An echo may be a means of measuring the distance r from a signal source to the reflecting object: r = cτ/2, where τ is the time interval between the signal burst and return of the echo and c is the velocity of wave propagation in the medium. Various applications of echo signals are based on this principle. The operation of sonar is based on the acoustic echo, which is also used in navigation, where echo sounders are used to measure depth. Electromagnetic echo is used in radar; being reflected from the ionosphere, it permits shortwave radio communication over great distances, as well as determination of the properties of the ionosphere. The echo-wave principle is also beginning to be used in the optical band of electromagnetic waves generated by a quantum optical generator. Elastic waves propagating in the crust of the earth, reflecting from layers of various rocks, form a seismic echo that is used to locate mineral deposits. Echoes can be used to measure the depth of boreholes (echo ranging of wells) and the height of the liquid level in tanks (ultrasonic level gauges). Echo methods are extensively used in ultrasonic flaw detection. For some animals, such as bats, dolphins, and whales, acoustic echo is a means of orientation and of locating prey.

REFERENCES

Strutt, J. W. (Lord Rayleigh). Teoriia zvuka, 2nd ed. vol. 2. Moscow, 1955. (Translated from English.)
Griffin, D. Ekho v zhizni liudei i zhivotnykh. Moscow, 1961. (Translated from English.)

echo

[′ek·ō]
(electronics)
The signal reflected by a radar target, or the trace produced by this signal on the screen of the cathode-ray tube in a radar receiver. Also known as radar echo; return.
(physics)
A wave packet that has been reflected or otherwise returned with sufficient delay and magnitude to be perceived as a signal distinct from that directly transmitted.

echo

Sound waves which have been reflected to a listener with sufficient magnitude and time delay so as to be perceived separately from those communicated directly to the listener.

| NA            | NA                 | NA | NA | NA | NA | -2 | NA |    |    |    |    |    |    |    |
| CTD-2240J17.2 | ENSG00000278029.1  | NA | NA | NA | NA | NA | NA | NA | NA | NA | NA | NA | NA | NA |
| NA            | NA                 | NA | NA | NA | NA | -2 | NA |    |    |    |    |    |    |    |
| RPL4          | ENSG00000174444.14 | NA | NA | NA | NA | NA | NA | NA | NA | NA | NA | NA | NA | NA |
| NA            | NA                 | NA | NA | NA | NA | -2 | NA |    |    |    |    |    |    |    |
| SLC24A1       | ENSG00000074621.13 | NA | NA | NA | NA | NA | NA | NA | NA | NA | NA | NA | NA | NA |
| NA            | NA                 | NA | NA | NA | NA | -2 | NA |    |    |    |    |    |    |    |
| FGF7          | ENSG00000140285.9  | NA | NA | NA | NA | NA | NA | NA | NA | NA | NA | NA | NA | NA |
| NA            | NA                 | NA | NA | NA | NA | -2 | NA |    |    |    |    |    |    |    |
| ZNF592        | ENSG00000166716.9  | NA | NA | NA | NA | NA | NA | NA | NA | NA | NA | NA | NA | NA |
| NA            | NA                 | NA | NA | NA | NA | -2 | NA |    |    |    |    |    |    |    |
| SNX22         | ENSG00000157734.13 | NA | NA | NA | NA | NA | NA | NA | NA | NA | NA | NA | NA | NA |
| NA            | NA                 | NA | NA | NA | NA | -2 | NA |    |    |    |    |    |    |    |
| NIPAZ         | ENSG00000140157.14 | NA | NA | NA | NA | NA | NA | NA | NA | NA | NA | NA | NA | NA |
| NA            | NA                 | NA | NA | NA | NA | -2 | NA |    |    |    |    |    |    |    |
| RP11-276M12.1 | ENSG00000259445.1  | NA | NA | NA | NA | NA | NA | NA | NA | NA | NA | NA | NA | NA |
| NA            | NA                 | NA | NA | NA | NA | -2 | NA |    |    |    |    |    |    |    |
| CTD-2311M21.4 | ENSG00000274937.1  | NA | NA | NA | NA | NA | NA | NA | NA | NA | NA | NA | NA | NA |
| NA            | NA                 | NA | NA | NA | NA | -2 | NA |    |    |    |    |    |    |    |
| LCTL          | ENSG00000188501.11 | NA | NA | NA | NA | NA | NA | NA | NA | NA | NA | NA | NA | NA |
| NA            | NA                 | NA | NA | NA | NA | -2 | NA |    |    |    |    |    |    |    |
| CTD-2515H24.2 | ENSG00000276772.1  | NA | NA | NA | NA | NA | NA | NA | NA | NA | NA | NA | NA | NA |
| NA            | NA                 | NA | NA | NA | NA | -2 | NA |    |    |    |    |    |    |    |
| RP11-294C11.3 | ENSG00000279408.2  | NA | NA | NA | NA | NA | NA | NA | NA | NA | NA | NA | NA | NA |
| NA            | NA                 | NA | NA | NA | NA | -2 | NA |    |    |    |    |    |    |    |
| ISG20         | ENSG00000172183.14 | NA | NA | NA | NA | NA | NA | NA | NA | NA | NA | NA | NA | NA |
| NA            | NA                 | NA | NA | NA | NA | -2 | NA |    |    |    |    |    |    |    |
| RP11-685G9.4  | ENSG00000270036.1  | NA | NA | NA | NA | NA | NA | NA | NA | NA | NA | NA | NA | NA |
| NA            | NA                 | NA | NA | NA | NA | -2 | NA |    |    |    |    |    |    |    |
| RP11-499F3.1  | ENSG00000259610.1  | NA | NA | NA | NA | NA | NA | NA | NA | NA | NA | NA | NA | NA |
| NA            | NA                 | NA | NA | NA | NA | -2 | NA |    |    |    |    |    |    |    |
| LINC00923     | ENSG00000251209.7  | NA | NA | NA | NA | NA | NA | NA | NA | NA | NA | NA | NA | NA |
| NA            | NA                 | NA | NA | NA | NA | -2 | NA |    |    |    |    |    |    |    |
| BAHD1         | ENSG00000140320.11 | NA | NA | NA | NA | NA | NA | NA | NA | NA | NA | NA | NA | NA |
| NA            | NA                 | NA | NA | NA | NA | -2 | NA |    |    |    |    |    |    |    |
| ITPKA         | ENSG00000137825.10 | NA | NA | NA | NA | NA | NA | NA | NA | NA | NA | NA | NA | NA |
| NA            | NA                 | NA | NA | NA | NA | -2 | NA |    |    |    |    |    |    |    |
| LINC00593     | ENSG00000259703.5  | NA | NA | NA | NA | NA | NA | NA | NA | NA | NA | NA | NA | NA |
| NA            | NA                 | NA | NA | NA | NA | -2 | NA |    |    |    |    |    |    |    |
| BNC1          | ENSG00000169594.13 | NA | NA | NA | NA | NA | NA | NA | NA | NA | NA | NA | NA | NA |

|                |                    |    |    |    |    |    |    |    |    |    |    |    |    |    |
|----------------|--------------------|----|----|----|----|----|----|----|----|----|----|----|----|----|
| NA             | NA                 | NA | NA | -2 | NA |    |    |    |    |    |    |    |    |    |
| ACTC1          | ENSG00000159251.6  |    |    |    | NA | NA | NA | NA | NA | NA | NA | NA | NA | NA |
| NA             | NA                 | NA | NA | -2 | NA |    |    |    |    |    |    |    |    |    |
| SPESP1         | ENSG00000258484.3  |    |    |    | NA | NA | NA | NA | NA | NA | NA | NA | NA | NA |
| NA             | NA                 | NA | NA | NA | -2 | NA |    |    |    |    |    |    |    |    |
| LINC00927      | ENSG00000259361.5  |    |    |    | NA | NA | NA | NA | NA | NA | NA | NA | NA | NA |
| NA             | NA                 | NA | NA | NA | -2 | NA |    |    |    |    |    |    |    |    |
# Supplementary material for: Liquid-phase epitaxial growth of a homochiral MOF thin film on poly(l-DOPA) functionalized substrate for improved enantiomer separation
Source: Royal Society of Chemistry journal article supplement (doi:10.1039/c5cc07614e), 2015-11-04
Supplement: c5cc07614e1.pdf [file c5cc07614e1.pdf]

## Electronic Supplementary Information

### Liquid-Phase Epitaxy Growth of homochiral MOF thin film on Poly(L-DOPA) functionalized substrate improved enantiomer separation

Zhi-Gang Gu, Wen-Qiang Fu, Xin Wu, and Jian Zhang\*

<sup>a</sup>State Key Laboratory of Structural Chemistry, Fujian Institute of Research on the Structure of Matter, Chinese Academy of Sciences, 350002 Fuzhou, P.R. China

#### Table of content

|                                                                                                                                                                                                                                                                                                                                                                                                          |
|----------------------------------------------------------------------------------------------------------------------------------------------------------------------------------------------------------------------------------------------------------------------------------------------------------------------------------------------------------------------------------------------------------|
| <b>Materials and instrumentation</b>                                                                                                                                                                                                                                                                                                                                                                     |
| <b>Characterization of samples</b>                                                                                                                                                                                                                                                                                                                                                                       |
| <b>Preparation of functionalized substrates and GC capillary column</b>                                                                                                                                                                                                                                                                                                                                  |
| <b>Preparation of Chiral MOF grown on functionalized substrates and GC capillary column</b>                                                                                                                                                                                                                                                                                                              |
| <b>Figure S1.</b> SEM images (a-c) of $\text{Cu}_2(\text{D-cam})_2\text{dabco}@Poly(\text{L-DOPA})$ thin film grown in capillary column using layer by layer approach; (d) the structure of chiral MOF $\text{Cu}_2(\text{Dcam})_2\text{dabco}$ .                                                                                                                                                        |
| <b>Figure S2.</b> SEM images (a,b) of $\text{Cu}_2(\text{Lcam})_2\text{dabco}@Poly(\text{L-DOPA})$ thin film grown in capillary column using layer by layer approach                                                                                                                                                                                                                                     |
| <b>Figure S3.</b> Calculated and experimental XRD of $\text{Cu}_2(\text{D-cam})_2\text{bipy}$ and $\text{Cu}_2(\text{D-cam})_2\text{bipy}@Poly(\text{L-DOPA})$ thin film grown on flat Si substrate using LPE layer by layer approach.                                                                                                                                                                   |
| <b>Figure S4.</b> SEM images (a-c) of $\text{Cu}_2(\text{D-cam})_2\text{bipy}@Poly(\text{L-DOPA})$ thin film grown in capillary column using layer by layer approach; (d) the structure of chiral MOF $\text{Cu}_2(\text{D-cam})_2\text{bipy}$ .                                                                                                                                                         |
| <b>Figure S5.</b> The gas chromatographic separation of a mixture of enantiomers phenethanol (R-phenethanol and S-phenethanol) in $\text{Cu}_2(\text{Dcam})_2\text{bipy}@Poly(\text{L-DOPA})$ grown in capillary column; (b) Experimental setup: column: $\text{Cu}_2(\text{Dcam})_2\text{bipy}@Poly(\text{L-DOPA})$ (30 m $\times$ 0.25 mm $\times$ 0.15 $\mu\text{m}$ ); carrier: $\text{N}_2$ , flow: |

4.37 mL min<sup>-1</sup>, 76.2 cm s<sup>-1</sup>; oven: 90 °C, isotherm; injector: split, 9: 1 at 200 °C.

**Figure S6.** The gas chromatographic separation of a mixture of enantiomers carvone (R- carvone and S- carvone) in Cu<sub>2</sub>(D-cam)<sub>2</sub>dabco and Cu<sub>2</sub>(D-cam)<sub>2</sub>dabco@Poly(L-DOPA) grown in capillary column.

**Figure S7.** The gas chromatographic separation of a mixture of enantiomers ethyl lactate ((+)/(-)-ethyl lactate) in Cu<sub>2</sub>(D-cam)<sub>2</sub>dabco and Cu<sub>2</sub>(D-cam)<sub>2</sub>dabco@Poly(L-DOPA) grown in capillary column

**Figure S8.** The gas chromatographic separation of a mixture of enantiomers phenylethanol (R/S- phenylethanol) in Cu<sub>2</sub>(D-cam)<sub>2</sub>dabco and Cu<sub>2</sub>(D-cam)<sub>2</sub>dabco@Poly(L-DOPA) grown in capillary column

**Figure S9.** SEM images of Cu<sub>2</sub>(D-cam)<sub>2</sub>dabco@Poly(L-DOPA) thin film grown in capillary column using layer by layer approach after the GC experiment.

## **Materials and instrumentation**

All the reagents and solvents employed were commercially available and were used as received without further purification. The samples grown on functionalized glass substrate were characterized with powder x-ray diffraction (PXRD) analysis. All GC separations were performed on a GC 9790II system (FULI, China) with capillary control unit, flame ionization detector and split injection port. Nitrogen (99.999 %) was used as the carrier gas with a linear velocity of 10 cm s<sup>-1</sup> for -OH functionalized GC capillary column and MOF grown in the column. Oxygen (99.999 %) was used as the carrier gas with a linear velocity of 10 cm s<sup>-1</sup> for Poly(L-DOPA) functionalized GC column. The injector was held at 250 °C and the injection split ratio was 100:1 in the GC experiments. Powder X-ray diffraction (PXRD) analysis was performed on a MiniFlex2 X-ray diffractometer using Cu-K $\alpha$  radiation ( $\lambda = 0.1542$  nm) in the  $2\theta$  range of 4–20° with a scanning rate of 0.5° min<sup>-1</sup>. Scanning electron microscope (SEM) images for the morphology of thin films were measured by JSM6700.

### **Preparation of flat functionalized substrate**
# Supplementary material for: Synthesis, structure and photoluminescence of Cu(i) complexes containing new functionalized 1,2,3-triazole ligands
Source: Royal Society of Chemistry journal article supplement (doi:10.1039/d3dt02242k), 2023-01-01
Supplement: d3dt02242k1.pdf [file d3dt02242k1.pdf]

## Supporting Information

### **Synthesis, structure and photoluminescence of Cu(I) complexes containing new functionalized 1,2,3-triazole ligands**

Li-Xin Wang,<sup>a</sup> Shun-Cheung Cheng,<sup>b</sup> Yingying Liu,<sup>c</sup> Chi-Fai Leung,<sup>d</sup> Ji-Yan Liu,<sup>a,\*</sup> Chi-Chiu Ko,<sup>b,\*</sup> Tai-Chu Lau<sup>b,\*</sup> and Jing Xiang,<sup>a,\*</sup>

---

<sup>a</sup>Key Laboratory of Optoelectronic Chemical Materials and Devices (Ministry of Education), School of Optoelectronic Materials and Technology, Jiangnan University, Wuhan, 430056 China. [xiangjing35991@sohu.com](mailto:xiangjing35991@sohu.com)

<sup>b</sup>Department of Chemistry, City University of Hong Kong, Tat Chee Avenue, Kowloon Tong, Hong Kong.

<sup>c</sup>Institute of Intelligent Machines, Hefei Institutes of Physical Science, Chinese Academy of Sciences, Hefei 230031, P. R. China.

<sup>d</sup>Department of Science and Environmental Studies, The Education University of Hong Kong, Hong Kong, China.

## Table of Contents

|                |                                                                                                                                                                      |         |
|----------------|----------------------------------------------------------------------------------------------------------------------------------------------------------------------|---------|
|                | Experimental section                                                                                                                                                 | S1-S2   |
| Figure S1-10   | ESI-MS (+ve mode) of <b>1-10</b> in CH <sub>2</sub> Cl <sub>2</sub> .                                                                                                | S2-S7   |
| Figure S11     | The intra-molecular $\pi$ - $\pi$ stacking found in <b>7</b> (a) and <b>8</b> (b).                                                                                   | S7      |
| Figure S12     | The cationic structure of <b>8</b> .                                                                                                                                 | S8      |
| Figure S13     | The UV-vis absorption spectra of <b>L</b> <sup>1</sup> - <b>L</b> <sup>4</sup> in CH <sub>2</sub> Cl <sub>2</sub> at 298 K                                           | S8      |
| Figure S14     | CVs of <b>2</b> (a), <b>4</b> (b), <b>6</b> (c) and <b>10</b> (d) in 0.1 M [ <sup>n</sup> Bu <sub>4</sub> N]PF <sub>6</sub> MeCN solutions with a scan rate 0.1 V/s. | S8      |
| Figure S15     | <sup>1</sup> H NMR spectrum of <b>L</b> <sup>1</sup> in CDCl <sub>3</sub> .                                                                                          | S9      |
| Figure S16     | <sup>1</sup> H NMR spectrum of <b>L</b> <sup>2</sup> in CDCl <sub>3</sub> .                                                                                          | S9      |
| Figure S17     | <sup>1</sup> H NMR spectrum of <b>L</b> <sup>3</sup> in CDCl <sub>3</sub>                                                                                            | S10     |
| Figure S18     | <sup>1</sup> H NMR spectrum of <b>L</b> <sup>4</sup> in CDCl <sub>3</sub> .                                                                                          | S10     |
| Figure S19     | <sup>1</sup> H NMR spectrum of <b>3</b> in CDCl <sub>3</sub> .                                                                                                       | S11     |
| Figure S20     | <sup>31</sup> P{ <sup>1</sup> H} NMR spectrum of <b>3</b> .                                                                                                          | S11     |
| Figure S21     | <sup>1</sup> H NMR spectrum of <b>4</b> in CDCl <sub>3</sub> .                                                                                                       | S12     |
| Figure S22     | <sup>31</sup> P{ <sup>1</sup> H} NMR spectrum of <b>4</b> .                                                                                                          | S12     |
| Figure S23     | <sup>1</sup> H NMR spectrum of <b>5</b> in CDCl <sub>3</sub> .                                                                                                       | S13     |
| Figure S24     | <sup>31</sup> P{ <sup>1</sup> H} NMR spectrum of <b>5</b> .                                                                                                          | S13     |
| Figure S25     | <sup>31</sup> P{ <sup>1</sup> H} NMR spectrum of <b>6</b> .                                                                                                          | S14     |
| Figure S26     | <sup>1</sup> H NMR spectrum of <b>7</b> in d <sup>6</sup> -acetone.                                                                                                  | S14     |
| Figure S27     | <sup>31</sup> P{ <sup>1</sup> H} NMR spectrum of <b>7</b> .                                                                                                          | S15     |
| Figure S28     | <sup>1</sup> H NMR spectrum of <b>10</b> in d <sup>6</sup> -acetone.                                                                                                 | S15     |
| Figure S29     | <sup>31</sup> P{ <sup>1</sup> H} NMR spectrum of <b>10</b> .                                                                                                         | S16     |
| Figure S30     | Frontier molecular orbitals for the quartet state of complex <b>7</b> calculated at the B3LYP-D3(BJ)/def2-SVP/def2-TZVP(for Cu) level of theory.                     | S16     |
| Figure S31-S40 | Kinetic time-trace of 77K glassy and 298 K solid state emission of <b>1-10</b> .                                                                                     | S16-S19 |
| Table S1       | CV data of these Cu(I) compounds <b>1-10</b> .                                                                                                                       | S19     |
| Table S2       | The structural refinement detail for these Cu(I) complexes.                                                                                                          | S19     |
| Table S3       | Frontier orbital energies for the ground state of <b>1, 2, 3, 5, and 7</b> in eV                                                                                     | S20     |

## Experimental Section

echo

echo
i. In radar, a wave reflected from one or more points and returned with a magnitude and a time interval sufficient to be perceived and interpreted. It is observed on the radar indicator. See blip.
ii. The pulse of reflected RF (radio frequency) energy.
iii. A reflected sound wave.

Echo

pined for Narcissus till only voice remained. [Gk. Myth.: Brewer Dictionary, 363; Br. Lit.: Comus, in Benét, 217]

Echo

beautiful nymph who, by her constant talk, kept Hera away from Zeus. [Gk. Myth.: Howe, 89]

echo

1. 
a. the reflection of sound or other radiation by a reflecting medium, esp a solid object
b. the sound so reflected
2. 
a. the signal reflected by a radar target
b. the trace produced by such a signal on a radar screen
3. the repetition of certain sounds or syllables in a verse line
4. the quiet repetition of a musical phrase
5. a manual or stop on an organ that controls a set of quiet pipes that give the illusion of sounding at a distance
6. an electronic effect in recorded music that adds vibration or resonance

echo

(1)
A topic group on FidoNet's echomail system.

Compare newsgroup.

echo

(2)
A Unix command that just prints its arguments.

echo

(1) A repetition of a signal in a communications line. The difference in electrical characteristics at opposite ends can cause the echo.

(2) In communications, to transmit received data back to the sending station allowing the user to inspect visually what was received. A local echo displays what you type on your screen.

(3) (Echo) Amazon's virtual assistant. See Amazon Echo.

(4) A DOS, Windows and OS/2 screen command that displays messages and turns off/on screen responses. See batch file abc's.
References in classic literature ?
I have sometimes sat alone here of an evening, listening, until I have made the echoes out to be the echoes of all the footsteps that are coming by-and-bye into our lives.
But the echoes of the chime die away--they have endured but an instant--and a light, half-subdued laughter floats after them as they depart.
When we have been prowling at midnight through the gloomy crevices they call streets, where no footfalls but ours were echoing, where only ourselves were abroad, and lights appeared only at long intervals and at a distance, and mysteriously disappeared again, and the houses at our elbows seemed to stretch upward farther than ever toward the heavens, the memory of a cave I used to know at home was always in my mind, with its lofty passages, its silence and solitude, its shrouding gloom, its sepulchral echoes, its flitting lights, and more than all, its sudden revelations of branching crevices and corridors where we least expected them.
She called to Peter and John and Michael, and got only mocking echoes in reply.
The Guggenhammers sure must go some when a fight of that dimension was no more than a skirmish of which they deigned to hear echoes.
The field echoes from wing to wing, as a hundred hammers that rise by turn, on the red son of the furnace.
If they continued to sing like their great predecessor of romantic themes, they were drawn as by a kind of magnetic attraction into the Homeric style and manner of treatment, and became mere echoes of the Homeric voice: in a word, Homer had so completely exhausted the epic genre, that after him further efforts were doomed to be merely conventional.
echoes another on the farther side with tremulous sincerity, and -- bor-r-r-r-n